FP7-IDEAS-ERC World Seastems

Globalization, regionalization, urbanization: an analysis of the worldwide maritime network since the early 18th century

Co-evolution of urban development and maritime flows

On a local level, main efforts will be put on further understanding the co-evolution of maritime transport and urban development, thereby providing novel evidence about the evolution of cities in general and port cities in particular. Earlier contributions about the evolution of cities and regions from a maritime perspective remain theoretical (Murphey, 1989; Hoyle, 1989; Fujita and Mori, 1996) as a large-scale validation is lacking. Successive phases of synergy and separation between port and urban spaces and functions are often attributed to the impact of several factors such as technological change fostering port competition and traffic concentration, urban diversification towards more advanced functions, with respective planning decisions and imperatives to sustain or relocate port activities within the urban space. Port cities thus provide a perfect example of how certain locations evolve by absorbing innovations in specific sectors (Pumain et al., 2009) that in turn reinforce or modify their rank and specialization in the hierarchy of urban places. The World Seastems project thus wishes to reveal the path-dependency of urban development in relation to maritime flows and the uneven adaptability of cities to technological and economic changes. It will revisit earlier models of transport network evolution (Taaffe et al., 1963) by shedding more light on the long-term dimension of port dynamics, in terms of concentration and competition.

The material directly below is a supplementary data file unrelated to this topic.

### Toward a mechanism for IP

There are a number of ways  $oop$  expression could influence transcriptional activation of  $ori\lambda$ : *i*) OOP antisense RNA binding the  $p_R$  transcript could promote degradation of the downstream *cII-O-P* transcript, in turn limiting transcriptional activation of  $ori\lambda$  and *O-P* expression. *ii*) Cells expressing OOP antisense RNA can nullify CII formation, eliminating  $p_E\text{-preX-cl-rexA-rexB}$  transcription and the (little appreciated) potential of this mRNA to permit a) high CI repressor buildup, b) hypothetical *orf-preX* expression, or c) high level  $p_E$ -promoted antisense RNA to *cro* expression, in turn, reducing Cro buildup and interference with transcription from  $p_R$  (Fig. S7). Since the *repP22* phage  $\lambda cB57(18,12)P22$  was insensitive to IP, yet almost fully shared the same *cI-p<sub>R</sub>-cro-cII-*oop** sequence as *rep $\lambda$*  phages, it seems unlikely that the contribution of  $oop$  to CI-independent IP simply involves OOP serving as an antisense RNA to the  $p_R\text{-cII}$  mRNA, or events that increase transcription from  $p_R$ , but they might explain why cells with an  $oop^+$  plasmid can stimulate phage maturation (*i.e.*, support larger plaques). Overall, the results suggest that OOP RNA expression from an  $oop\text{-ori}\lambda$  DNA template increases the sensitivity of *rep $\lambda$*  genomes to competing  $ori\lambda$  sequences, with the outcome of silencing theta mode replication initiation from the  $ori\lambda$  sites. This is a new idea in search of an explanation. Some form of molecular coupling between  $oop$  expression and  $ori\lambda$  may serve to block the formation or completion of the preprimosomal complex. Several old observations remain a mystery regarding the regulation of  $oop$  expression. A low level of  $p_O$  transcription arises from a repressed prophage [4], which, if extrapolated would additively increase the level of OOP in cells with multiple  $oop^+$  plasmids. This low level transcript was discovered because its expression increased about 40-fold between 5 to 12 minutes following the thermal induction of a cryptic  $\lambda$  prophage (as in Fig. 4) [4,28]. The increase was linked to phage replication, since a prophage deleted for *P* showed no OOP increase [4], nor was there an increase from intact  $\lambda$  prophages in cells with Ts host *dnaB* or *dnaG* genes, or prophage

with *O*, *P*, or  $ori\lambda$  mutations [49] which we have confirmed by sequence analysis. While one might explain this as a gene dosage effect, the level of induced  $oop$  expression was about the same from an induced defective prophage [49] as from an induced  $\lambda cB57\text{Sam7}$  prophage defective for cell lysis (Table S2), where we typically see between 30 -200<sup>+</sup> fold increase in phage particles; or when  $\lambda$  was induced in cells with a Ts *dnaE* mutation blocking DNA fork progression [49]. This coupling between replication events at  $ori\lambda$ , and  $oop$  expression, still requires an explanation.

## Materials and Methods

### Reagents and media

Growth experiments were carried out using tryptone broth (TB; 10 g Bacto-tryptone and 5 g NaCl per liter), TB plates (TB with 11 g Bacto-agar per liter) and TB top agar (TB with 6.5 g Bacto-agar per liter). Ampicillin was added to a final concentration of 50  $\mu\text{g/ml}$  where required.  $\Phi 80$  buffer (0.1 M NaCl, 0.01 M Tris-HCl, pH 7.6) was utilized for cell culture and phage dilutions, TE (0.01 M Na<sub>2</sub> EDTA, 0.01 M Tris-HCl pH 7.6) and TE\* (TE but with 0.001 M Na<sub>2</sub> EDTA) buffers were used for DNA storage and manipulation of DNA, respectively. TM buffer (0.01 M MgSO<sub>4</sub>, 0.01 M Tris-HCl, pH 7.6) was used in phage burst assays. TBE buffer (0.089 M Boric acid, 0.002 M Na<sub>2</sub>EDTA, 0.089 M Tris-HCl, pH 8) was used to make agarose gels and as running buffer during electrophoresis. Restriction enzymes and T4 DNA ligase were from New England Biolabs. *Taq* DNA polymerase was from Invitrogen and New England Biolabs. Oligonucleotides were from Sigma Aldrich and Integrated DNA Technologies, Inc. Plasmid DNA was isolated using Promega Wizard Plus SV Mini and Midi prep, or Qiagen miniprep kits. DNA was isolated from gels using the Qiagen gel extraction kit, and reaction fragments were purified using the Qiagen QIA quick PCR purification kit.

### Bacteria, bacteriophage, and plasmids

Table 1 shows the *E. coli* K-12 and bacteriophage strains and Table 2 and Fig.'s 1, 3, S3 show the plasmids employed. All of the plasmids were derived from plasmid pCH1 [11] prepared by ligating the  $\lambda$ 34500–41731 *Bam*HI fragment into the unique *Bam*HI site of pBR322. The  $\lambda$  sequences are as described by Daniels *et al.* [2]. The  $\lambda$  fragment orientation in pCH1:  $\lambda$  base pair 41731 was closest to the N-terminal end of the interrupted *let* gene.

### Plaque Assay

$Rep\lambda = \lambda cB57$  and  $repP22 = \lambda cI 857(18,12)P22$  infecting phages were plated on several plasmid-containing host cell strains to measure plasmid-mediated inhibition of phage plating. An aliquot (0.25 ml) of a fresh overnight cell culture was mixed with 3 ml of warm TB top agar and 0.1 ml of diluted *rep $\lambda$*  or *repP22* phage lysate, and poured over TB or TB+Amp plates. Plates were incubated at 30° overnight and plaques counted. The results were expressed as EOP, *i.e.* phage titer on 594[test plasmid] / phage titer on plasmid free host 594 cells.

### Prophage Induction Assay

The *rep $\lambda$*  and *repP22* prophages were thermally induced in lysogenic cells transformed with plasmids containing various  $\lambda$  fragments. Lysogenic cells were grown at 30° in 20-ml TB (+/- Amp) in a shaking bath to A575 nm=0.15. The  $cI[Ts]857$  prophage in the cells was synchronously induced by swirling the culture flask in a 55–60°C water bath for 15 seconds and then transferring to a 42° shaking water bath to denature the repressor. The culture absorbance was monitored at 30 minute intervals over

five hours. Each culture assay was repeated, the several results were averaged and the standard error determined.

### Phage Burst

Because cities and systems of cities are often studied from a continental perspective (see Bretagnolle and Pumain, 2010), the combined analysis of maritime networks and land-based transport networks will challenge existing models of urban systems and their evolution (e.g. Christaller's central place theory) as well as the specificity of "gateway cities" (Bird, 1977). The project will thus provide a more complete picture of the centrality of cities while elucidating the difference between port cities and non-port cities. Although some recent efforts have been made to calculate the multimodal accessibility of cities on a world or European level, the results remain highly static (European Union, 2010). The local impacts of lowering spatial friction over hinterlands and lowering maritime transport costs are not yet sufficiently understood. As stated by Slack (1993), ports belong to a global transport system where gateways focus on hinterland accessibility and intermediate hubs target maritime transhipment (Rodrigue et al., 2009). This analysis shall focus dominantly on the post-1890 period when industrial and transport revolutions really started to influence continental communication systems such as roads, railways, canals, warehousing, and related industrial developments and also due to the difficulty accessing detailed land network information.